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Gaming to negotiate tricky resource management

Compelling discussion, commentary, stories on agriculture within thriving ecosystems.

Most people have played some kind of game in their lifetime. Be it cards, monopoly, or Farmville, this unique form of entertainment allows us to escape reality and work on goals with little future consequence.

In rare instances, however, games can provide a platform from which a complex, real life issue can be explored with just the right amount of detachment to provide meaningful insights.

At a recent workshop held in Istanbul, participants played the Basin Challenge Game as a way to start a difficult conversation about cooperative water and land management.

The game, produced by a project aiming to improve hydropower decision-making processes in the Mekong, simulates the development of a river basin. Each riverbank is controlled by one ‘player,’ who works to establish agriculture, industry, energy production, and recreational/conservation spaces. Both sides must work together to develop economically while continuing to ensure the environmental health of the basin and the happiness of their citizens.

At the workshop, the game was introduced in one of the first sessions. Participants, many of whom were high-level decision makers in Central Asia, were split into teams. These teams worked together to develop one bank of the virtual river while anther team developed the other bank on a turn-by-turn basis.

Not only was this a successful way to build trust and familiarity between participants, it provided a platform where people could talk openly about tricky subjects, such as democratic water governance, environmental impacts, and economic incentives in relation to sustainable livelihoods. All of the teams’ decisions were made under a time constraint imposed by the games turn based structure.

Ultimately, the game acted as a way to kick-start the discussions at the workshop by prompting participants to think about the interconnectivity of water resources, agriculture, and energy production in a casual context. While most of the participants had specific background experience in concrete sectors in their professional lives, giving these individuals the vantage point of an omniscient game player allowed them to consider the needs of other sectors and communities with which they might not regularly interact.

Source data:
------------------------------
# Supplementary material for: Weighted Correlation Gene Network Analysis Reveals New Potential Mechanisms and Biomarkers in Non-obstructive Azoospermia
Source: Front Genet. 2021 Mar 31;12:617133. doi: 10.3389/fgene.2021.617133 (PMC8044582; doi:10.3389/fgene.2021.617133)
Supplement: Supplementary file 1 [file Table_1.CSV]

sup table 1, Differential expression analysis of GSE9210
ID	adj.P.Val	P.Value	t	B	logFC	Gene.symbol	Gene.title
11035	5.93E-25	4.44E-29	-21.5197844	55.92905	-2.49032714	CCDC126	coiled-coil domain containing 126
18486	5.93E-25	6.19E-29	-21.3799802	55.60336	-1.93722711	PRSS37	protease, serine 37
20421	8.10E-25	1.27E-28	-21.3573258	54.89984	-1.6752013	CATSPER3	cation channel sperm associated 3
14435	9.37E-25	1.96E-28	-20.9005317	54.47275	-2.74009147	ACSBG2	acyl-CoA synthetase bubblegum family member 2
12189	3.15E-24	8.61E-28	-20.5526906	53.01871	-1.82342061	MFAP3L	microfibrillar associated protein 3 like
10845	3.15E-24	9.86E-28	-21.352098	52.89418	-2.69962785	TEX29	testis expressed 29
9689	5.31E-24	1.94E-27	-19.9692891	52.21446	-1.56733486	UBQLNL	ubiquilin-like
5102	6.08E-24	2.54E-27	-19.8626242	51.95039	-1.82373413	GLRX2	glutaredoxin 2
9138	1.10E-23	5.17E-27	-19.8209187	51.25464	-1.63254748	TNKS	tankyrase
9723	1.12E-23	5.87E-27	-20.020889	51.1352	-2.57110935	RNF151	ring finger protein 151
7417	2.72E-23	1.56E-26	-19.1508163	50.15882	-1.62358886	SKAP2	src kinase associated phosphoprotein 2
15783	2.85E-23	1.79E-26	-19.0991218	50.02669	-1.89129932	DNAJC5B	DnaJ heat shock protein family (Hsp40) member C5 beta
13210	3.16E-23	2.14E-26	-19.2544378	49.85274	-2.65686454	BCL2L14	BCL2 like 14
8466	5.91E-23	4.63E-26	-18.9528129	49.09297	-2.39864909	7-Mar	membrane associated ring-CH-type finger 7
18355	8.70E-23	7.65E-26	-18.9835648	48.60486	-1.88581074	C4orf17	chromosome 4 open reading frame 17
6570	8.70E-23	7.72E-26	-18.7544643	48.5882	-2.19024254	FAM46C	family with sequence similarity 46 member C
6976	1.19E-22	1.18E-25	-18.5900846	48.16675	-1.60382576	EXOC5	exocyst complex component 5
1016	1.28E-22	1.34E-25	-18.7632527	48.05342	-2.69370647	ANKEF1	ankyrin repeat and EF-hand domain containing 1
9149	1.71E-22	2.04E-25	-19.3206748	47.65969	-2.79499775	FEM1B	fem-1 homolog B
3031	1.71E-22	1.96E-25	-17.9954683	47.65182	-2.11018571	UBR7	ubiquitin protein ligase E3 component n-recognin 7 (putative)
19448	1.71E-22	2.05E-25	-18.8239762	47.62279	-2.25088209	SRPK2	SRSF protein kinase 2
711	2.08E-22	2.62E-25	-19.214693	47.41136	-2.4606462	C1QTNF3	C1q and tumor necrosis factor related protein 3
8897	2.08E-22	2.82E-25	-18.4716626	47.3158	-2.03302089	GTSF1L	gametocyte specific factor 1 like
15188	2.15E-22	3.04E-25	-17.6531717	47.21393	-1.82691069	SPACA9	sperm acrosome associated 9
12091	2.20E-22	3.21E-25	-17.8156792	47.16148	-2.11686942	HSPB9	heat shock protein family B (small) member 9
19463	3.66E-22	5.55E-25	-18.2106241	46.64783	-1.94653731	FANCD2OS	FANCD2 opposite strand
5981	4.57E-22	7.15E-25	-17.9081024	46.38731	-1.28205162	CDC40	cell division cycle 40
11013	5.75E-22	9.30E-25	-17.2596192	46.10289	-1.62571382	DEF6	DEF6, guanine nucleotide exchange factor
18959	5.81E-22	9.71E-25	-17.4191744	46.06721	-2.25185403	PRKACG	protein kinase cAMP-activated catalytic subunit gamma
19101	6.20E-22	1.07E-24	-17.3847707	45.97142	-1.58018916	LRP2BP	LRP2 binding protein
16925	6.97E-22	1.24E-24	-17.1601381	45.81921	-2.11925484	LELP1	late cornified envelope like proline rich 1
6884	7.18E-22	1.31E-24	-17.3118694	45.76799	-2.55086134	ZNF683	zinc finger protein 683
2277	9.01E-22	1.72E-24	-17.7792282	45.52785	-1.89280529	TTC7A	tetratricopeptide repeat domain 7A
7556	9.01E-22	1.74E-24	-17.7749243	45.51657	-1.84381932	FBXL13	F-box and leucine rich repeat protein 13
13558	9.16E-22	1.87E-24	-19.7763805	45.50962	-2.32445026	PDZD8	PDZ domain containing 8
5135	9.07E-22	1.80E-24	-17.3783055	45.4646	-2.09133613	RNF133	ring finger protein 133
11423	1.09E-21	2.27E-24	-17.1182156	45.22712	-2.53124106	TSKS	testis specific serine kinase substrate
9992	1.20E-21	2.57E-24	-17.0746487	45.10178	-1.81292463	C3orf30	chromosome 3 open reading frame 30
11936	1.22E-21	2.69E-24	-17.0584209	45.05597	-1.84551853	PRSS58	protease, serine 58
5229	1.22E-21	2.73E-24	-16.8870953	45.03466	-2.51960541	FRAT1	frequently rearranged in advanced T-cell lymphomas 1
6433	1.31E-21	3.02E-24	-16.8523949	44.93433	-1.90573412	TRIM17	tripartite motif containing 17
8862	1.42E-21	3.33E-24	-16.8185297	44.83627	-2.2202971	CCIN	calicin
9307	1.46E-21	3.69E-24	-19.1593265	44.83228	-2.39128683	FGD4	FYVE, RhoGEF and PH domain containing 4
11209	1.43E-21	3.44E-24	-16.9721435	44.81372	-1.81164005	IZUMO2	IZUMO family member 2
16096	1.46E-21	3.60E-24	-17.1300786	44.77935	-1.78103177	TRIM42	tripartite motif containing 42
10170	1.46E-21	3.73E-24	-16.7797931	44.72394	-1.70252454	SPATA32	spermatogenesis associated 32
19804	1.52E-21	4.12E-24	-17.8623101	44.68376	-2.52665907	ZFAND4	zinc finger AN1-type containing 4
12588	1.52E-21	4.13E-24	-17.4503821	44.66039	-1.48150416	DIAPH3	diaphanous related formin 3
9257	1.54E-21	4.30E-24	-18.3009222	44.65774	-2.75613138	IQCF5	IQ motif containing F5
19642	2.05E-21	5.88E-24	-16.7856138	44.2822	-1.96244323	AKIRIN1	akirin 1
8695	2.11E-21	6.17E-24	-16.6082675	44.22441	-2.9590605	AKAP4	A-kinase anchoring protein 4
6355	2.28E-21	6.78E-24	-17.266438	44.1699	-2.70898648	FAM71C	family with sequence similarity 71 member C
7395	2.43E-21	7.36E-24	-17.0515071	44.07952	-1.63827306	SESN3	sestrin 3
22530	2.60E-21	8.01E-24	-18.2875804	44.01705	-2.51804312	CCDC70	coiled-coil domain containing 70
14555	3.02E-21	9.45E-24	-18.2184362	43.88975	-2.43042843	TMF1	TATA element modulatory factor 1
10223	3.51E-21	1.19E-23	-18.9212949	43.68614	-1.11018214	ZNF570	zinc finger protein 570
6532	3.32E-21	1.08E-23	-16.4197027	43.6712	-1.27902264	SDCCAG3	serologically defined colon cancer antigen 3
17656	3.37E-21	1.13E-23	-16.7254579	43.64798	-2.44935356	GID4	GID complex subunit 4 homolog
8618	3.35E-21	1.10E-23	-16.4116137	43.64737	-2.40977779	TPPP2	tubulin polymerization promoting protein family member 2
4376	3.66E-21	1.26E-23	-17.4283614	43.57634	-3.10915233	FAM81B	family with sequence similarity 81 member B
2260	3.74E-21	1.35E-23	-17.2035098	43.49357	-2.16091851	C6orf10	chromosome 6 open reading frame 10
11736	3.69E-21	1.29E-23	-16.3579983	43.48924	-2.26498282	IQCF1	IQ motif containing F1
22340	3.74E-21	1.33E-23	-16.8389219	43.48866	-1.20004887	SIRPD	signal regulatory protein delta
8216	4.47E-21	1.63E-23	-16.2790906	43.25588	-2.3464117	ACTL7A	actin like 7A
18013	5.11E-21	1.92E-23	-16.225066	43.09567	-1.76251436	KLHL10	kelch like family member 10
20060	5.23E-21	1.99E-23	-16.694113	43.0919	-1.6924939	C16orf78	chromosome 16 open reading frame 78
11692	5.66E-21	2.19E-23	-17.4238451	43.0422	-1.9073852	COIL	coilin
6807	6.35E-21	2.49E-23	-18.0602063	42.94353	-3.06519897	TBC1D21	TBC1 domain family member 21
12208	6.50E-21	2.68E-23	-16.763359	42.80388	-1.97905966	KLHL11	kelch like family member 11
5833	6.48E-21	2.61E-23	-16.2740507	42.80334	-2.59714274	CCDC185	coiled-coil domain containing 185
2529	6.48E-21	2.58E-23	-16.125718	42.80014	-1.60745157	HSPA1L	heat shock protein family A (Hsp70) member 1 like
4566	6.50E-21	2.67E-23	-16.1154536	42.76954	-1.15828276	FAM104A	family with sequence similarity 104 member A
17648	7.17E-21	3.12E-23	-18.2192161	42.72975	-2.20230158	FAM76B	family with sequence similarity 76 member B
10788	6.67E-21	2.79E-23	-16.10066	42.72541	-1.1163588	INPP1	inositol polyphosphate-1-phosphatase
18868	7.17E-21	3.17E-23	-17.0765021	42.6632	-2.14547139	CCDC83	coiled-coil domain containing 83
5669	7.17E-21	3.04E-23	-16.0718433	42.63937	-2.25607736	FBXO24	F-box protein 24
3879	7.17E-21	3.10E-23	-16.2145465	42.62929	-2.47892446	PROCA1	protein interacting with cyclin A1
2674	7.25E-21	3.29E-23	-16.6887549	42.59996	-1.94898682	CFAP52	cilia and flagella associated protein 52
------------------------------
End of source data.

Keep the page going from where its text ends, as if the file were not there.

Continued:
“What makes the game really unique is that, while you have all of the pertinent statistical information about the effects that a specific action will have, the grand total of these actions and decisions play out very differently over the short and long term,” said Dr. Nathanial Matthews of the CGIAR Research Program on Water, Land and Ecosystems, whose team worked to develop the concept for the game. “The Basin Challenge allows you to see what the cumulative effects of your decisions are when they are compounded with the decisions of another party, replicating in some ways the interactions between neighboring districts or governments.”

This game, and others like it in the past, can act as an effective tool to break down barriers between various sectors, which often operate in distinct silos. By leveling the playing field in a virtual setting, it is possible to create a sense of mutual understanding and set the scene for negotiating important issues.


This is a great story, and one that shows simulation gaming has great potential for water resources management.

You may be interested to know of another recent effort similar to the Basin Challenge Game. Agriculture and Agri-Food Canada recently developed a game called the "Invitational Drought Tournament" (see Hill et al. 2014, Weather and Climate Extremes Journal) that also takes a gaming approach to water resources planning and management -- in this case for droughts. My student, Kai Wang, and I have developed a simulation game, based on the system dynamics methodology, that quantifies the effects of drought management options on agriculture, domestic water use, and industry.

Please feel free to contact me if you have any comments or questions.
Dr. Evan Davies, Civil and Environmental Engineering, University of Alberta

Dear Evan,

Thanks for the reply and for the information about your game. Its great to hear of other people using the same type of approach as I think it is very powerful. I'll send you an email to keep in contact. Incidentally, I am also Canadian.



practicality seems to have arrived! thank you Nathanial and others...